Background Concerns about anorexia and weight loss are commonly expressed by advanced cancer patients and their families. Parenteral nutrition is a controversial and expensive treatment that is sometimes considered to assist with nutrition in advanced cancer patients. PN involves the intravenous delivery of a mixture of lipids, carbohydrates, amino acids, vitamins, and minerals. This Fast Fact reviews the role of PN in advanced cancer patients.
The Problem Weight loss in advanced cancer is frequently due to insufficient caloric intake as well as cancer-mediated hypermetabolism and hypercatabolism. These latter problems are caused by catabolic proinflammatory cytokines and eicosanoids and are responsible for much of the accelerated muscle wasting (cachexia) seen in advanced cancer. Patients and families frequently worry about malnutrition and starvation and request help from physicians to ameliorate these.
The Role of PN PN is usually considered outside the standard of care for most patients with advanced cancer. This is based on clinical research findings and other observations:
- With a few specific exceptions (such as head and neck cancer patients undergoing radiation therapy), caloric supplementation of any kind has not been shown to benefit advanced cancer patients, and – if indicated – can almost always be achieved enterally.
- There is no physiologic basis to assume that PN would affect the inflammatory and catabolic aspects of cachexia.
- PN brings potential risks and burdens: laboratory testing, indwelling intravenous lines, infections, metabolic derangements, liver and pancreatic dysfunction.
Patients with progressive weight loss should have careful clinical assessments for potentially reversible causes (such as inadequate caloric intake or depression). Education and emotional and family support are the cornerstones of treatment otherwise. Drug interventions are an active focus of research although their efficacy remains controversial (see Fast Facts #93, 100).
PN guidelines There does remain however a small subset of advanced cancer patients for whom PN may be an appropriate therapy to improve quality and/or length of life. The following guidelines have been suggested to identify patients appropriate for PN:
- Enteral nutrition (including tube feeding) is not an option or there is a specific benefit expected from parenteral nutrition (e.g. inoperable malignant bowel obstruction, short bowel syndrome, and malabsorption). These are patients for whom a non-functional GI tract, and not cachexia itself, is the major problem.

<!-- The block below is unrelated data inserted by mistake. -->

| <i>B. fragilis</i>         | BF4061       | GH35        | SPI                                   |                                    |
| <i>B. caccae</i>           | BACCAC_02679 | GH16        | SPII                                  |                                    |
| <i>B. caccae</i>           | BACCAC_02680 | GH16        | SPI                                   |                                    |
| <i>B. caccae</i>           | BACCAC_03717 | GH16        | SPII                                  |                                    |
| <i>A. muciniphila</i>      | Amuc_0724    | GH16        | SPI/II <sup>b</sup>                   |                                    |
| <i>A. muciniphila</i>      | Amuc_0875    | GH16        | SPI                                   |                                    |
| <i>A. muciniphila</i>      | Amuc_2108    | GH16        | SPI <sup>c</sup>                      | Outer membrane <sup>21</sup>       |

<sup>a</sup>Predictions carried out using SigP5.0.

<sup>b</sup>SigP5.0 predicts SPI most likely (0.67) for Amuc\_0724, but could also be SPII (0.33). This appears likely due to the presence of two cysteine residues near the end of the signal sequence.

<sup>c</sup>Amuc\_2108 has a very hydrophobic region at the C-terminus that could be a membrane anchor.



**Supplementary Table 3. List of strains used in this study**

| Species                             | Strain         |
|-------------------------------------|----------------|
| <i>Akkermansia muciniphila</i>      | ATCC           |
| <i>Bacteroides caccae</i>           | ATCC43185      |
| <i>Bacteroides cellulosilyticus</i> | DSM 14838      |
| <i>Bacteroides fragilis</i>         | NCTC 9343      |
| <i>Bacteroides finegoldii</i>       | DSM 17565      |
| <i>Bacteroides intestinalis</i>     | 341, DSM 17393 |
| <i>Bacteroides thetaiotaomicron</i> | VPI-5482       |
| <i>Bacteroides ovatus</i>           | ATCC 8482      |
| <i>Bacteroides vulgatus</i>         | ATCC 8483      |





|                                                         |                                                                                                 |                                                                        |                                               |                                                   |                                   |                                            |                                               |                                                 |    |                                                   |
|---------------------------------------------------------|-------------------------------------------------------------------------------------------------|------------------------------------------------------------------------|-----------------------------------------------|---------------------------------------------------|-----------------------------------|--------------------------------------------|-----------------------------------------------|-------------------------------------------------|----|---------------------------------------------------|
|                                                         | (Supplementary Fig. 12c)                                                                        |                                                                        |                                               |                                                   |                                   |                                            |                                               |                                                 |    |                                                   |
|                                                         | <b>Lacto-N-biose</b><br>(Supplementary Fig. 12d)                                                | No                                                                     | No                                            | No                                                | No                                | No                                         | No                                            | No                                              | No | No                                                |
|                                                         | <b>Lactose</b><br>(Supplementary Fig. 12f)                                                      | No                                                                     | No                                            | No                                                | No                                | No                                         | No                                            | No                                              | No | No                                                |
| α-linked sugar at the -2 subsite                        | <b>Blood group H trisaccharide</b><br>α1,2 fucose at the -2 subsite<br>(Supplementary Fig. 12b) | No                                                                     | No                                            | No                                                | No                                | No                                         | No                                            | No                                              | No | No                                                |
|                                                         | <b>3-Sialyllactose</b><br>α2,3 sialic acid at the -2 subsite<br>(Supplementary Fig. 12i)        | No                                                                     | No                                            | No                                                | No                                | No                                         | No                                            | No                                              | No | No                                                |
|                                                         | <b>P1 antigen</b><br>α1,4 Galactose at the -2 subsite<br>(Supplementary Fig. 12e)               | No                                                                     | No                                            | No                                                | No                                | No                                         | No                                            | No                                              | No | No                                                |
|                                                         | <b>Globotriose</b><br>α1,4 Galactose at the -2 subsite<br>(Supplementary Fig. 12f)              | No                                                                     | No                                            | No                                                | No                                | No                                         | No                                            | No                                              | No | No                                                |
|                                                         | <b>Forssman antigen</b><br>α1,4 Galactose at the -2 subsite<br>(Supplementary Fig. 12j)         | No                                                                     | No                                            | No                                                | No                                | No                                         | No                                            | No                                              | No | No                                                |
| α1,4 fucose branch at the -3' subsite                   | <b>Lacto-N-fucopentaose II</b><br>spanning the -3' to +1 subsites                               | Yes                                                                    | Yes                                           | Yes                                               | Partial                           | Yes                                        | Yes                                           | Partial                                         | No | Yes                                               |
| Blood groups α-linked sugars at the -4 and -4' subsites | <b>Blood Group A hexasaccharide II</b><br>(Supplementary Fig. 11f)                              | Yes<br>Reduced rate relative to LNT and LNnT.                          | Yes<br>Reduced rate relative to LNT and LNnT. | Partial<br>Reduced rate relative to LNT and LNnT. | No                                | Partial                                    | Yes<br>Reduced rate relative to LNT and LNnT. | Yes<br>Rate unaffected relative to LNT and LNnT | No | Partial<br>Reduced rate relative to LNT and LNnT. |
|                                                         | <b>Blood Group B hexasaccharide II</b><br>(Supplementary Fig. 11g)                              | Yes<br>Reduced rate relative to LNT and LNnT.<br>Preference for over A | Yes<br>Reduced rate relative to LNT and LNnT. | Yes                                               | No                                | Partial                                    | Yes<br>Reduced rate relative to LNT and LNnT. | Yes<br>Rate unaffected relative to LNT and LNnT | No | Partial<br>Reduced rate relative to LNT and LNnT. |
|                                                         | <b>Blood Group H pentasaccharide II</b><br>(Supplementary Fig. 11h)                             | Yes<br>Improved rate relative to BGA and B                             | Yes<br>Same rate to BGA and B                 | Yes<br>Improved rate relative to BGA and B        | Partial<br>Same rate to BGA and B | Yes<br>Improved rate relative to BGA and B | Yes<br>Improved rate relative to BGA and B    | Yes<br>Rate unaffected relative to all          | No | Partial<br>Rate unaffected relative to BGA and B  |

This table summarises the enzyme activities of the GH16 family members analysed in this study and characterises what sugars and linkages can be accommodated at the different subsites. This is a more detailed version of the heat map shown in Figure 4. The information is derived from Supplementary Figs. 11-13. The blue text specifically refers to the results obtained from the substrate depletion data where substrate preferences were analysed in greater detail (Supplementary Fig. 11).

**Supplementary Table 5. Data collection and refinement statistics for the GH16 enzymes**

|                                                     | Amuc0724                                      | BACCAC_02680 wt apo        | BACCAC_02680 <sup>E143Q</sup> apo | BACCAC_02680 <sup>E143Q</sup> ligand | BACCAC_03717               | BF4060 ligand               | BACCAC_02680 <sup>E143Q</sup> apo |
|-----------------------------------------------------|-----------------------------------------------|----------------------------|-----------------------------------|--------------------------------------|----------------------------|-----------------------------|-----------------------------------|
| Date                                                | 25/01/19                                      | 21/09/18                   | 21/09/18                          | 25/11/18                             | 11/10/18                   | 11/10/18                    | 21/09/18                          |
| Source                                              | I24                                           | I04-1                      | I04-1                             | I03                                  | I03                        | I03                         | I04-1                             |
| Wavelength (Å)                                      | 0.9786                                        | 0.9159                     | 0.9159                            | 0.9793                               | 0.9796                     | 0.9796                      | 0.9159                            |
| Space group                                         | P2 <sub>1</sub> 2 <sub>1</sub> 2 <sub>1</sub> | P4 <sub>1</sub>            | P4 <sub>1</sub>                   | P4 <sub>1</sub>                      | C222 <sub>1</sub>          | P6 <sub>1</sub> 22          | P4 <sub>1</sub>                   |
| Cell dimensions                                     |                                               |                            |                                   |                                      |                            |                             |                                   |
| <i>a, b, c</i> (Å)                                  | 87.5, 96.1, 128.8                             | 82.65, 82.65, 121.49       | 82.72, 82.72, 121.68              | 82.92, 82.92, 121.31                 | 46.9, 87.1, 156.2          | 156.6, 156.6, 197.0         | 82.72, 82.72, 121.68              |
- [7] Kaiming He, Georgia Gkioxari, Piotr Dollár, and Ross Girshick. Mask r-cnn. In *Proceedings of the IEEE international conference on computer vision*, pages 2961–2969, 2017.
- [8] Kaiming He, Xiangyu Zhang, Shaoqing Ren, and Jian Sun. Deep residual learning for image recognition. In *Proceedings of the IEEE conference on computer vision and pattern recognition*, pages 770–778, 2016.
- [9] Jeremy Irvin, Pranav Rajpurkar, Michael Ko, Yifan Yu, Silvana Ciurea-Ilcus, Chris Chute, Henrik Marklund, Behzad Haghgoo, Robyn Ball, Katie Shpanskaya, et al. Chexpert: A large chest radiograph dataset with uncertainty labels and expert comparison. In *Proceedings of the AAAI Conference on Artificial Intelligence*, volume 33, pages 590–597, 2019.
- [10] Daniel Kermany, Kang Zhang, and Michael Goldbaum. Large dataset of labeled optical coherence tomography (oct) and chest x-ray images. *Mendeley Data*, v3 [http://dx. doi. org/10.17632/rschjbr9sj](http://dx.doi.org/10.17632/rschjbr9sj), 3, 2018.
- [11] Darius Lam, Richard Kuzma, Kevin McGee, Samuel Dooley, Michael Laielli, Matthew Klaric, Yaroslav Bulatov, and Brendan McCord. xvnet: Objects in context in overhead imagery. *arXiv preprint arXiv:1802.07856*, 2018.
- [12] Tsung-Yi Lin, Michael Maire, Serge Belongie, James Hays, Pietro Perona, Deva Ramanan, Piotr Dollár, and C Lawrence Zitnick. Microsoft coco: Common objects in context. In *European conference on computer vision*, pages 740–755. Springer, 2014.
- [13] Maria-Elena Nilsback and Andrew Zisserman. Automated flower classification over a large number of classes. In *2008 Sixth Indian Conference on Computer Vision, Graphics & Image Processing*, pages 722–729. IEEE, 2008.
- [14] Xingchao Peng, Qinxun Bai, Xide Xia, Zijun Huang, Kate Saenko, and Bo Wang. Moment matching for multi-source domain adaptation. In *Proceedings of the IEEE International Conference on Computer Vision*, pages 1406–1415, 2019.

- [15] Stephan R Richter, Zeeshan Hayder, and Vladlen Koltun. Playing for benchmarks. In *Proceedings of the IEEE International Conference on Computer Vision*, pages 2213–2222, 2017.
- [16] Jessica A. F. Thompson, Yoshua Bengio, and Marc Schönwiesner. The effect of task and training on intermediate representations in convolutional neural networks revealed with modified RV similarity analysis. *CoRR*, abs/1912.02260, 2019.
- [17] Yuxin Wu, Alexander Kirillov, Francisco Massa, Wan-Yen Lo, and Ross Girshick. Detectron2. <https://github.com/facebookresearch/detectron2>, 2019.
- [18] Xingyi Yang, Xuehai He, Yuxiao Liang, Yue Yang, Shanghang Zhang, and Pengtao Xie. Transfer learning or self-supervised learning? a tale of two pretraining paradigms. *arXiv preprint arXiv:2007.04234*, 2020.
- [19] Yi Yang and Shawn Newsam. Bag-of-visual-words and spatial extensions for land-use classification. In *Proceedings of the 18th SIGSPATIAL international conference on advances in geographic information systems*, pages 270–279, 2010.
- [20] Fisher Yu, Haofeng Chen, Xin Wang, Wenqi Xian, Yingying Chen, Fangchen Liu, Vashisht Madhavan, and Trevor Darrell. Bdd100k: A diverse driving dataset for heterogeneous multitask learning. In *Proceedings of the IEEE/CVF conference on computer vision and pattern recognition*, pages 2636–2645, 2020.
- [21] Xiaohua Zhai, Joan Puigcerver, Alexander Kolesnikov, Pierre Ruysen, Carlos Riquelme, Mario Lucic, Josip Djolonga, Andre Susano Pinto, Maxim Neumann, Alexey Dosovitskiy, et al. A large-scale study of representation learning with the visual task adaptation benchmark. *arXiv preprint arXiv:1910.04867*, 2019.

- Death is probable from starvation or malnutrition earlier than anticipated from disease progression alone.
- The patient has a life expectancy of at least several months to allow a proper trial of PN (Karnofsky Performance Scale Score >50 or ECOG performance status ≤2).
- The patient has a good self-assessed quality of life; life-prolongation is consistent with their goals of care and the potential risks of PN are acceptable to the patient.
- The patient or caregiver can safely accommodate PN if at home: the home environment is safe and clean; someone is able to set-up and administer the PN; and the patient can be clinically monitored, including laboratory investigation.
- Typically close monitoring of electrolytes, liver and renal function, and triglycerides is required. In addition, careful assessments of the patient’s response to treatment and global clinical course are needed to ensure PN remains an appropriate intervention.
PN can be an important palliative treatment, but for only a small group of cancer patients. Careful patient selection and monitoring is important to ensure that PN is meeting patient-defined goals of care.
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- CH Regional Palliative Care Program. Clinical Practice Guidelines: Home parenteral nutrition and cancer selection criteria for patients with advanced cancer. Available at: http://palliative.org/NewPC/_pdfs/management/3A10%20Home%20Parenteral%20Nutrition%20and%20Cancer%20Selection%20Criteria%20Guideline.pdf. Accessed July 28, 2015.
Version History: Originally published October 2007. Version re-copy-edited in May 2009; then again July 2015 – reference #9 updated.
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